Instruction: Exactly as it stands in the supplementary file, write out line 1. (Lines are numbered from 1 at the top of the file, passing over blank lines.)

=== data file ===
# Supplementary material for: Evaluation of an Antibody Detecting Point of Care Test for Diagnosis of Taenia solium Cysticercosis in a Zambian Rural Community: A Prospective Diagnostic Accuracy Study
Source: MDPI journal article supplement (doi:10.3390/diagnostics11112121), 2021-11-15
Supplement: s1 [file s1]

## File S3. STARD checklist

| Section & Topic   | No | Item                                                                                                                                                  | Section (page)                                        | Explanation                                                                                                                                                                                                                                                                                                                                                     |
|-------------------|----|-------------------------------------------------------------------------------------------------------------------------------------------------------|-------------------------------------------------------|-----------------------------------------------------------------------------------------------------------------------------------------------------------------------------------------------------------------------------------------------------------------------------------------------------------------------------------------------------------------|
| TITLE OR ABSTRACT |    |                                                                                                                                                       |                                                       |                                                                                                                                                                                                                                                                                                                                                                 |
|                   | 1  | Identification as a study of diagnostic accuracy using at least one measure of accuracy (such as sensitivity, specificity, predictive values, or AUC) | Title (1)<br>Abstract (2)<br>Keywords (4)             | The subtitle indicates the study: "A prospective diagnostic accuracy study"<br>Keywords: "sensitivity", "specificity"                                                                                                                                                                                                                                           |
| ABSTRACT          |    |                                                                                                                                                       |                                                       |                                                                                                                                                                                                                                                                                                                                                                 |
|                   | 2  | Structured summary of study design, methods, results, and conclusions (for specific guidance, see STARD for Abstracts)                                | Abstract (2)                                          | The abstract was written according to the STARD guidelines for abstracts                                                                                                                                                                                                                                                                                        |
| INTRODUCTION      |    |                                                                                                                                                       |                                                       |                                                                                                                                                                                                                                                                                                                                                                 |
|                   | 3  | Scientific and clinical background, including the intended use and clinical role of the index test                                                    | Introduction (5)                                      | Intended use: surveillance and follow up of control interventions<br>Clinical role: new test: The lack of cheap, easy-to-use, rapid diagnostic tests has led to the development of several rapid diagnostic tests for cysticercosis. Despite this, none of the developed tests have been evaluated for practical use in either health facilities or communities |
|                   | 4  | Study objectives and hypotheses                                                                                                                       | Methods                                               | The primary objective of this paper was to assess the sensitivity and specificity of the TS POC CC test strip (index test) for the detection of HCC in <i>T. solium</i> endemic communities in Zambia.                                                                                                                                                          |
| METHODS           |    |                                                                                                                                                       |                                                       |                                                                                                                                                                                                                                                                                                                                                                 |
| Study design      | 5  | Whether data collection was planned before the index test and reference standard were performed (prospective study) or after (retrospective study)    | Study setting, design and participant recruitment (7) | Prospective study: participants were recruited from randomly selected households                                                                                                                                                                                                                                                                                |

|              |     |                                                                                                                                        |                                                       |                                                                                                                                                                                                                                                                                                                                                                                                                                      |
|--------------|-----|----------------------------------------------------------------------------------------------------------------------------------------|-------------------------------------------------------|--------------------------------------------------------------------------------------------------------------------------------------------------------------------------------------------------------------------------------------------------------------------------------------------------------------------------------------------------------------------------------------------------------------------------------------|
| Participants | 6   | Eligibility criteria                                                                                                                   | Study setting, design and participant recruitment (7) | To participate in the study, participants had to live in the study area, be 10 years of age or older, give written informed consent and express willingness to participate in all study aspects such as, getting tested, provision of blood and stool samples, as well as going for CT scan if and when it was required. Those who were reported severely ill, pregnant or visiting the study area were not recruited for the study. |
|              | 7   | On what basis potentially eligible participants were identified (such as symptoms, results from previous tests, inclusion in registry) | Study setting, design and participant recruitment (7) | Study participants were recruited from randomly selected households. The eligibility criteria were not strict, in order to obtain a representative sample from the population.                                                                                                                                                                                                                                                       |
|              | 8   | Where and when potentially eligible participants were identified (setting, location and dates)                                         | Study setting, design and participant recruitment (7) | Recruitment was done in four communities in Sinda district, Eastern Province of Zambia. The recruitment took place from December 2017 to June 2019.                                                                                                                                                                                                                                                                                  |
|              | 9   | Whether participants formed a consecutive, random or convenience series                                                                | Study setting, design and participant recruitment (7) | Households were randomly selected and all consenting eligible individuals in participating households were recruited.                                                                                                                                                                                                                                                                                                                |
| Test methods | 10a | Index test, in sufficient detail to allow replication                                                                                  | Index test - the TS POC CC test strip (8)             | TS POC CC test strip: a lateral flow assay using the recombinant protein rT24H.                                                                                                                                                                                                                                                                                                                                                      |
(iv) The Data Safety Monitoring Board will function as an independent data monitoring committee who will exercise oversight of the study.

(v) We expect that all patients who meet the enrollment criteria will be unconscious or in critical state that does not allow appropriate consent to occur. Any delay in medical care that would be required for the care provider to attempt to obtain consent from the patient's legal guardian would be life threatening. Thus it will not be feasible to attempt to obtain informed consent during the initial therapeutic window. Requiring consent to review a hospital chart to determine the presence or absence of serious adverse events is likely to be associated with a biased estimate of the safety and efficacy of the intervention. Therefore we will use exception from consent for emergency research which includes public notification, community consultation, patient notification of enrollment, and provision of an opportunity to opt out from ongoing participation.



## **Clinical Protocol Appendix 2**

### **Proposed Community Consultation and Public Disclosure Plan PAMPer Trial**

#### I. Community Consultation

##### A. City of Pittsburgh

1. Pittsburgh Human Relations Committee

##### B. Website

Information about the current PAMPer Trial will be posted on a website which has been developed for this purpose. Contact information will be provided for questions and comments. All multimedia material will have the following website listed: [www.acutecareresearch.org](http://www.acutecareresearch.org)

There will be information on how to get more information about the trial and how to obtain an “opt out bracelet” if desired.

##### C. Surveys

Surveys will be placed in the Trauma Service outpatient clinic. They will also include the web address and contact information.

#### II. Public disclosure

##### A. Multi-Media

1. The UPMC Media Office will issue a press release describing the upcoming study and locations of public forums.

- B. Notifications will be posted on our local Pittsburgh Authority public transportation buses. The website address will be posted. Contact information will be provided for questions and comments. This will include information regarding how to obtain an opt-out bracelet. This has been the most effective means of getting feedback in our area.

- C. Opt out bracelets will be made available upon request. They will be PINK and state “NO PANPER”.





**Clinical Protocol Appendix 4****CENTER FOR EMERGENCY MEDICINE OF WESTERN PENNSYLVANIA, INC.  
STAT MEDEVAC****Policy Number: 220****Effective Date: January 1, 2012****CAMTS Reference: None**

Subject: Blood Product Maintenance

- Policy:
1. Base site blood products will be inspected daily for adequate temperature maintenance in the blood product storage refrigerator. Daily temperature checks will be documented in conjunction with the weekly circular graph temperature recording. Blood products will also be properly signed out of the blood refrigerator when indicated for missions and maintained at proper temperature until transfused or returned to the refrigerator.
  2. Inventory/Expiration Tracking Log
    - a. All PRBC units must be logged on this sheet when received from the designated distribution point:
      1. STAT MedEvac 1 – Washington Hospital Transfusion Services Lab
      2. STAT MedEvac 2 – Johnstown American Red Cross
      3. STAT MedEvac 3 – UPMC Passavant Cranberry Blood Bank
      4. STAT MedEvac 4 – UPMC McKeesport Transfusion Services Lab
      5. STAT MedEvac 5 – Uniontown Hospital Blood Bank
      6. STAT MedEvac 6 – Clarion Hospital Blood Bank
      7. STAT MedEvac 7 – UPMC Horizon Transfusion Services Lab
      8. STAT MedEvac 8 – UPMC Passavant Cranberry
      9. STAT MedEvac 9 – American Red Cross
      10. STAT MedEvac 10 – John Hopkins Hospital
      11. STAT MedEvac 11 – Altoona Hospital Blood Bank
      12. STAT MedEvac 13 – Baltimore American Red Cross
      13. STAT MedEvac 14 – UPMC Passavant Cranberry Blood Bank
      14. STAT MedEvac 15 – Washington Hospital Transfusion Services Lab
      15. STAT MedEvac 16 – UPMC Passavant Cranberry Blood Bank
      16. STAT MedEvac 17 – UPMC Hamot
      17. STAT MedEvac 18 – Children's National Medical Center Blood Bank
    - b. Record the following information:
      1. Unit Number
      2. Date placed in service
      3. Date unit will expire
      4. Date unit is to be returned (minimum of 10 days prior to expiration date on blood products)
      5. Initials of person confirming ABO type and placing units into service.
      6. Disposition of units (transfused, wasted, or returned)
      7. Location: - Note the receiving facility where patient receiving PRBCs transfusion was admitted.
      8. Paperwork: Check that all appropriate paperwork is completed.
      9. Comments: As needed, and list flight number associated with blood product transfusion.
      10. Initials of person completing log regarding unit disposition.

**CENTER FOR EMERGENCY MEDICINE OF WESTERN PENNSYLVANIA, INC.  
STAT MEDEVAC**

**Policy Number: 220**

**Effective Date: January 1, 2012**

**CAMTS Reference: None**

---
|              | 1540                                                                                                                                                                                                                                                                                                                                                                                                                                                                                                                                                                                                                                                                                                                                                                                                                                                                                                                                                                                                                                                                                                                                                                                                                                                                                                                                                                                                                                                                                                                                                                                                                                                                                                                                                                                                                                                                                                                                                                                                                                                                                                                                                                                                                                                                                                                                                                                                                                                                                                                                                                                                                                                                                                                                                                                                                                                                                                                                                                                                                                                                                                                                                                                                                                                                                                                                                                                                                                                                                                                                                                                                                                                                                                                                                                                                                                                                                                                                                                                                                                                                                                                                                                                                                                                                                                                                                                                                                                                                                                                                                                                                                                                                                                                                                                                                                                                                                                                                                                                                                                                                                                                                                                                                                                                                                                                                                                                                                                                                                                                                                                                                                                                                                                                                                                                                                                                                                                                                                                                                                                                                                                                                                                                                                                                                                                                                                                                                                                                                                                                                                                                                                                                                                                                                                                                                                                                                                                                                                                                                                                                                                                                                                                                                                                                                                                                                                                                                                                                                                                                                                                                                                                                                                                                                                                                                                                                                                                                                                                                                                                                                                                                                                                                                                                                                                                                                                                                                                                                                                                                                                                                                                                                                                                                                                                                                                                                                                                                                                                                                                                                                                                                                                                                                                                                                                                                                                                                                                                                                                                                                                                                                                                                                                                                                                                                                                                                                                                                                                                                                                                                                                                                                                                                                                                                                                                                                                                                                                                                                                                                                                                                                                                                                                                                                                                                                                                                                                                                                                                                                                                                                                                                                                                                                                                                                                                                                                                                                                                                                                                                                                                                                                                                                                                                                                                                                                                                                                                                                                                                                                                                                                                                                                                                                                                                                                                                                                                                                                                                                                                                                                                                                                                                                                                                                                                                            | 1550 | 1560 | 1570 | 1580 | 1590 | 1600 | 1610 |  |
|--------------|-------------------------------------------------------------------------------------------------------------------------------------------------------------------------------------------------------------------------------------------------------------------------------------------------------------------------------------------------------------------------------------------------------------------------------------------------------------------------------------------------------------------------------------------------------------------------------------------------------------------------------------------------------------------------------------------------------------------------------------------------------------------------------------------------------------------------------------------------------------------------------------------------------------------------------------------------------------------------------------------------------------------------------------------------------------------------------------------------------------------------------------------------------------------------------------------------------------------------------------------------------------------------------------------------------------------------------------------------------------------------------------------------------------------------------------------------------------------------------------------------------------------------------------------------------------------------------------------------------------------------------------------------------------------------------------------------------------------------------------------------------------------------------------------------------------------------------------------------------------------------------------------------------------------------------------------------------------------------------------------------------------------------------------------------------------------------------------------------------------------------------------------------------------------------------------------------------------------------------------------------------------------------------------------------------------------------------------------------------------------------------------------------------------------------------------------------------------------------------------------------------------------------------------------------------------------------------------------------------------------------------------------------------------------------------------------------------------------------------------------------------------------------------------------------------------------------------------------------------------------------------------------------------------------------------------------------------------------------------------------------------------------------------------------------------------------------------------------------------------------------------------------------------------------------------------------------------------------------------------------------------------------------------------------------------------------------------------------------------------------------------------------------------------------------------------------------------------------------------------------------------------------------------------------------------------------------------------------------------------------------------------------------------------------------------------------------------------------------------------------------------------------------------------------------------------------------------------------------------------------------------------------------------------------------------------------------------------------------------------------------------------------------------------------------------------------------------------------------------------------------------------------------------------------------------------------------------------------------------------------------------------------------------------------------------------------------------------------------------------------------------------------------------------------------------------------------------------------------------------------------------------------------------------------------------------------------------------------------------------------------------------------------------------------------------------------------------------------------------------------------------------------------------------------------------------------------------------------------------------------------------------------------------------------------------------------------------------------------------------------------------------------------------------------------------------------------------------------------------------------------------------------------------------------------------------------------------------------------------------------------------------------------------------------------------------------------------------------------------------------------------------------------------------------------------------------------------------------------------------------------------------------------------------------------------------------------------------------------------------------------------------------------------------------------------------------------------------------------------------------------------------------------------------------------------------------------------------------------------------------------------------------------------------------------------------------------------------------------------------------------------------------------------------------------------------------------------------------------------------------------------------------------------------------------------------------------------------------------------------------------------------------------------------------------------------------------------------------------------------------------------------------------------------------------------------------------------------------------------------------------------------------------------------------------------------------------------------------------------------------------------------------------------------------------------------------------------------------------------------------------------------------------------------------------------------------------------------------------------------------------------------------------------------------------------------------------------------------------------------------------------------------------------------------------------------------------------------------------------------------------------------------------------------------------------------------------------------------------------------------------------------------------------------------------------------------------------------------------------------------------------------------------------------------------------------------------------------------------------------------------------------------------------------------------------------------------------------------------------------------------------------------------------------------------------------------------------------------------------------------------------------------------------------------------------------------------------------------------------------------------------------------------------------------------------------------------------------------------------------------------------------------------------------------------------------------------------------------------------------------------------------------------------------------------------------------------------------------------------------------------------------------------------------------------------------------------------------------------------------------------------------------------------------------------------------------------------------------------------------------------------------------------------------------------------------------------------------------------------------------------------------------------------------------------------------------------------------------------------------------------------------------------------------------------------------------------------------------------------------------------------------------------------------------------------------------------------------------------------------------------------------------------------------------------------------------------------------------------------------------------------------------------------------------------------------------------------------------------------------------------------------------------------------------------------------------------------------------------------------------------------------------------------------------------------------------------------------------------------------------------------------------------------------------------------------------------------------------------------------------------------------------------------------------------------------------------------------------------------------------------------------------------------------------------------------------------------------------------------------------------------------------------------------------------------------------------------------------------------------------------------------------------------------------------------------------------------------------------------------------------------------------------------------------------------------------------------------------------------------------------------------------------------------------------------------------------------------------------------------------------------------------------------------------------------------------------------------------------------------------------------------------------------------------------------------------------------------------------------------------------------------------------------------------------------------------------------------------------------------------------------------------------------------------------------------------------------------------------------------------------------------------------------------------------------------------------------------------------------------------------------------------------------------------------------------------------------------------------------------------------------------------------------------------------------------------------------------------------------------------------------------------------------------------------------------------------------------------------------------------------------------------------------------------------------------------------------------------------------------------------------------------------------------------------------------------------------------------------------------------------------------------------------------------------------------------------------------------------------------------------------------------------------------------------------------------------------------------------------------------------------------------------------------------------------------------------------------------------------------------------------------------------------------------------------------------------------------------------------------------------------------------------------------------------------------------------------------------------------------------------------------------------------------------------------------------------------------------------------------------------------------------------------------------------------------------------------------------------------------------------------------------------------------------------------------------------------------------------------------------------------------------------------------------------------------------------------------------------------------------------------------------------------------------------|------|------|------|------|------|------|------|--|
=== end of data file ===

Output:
# Supplementary material for: Evaluation of an Antibody Detecting Point of Care Test for Diagnosis of Taenia solium Cysticercosis in a Zambian Rural Community: A Prospective Diagnostic Accuracy Study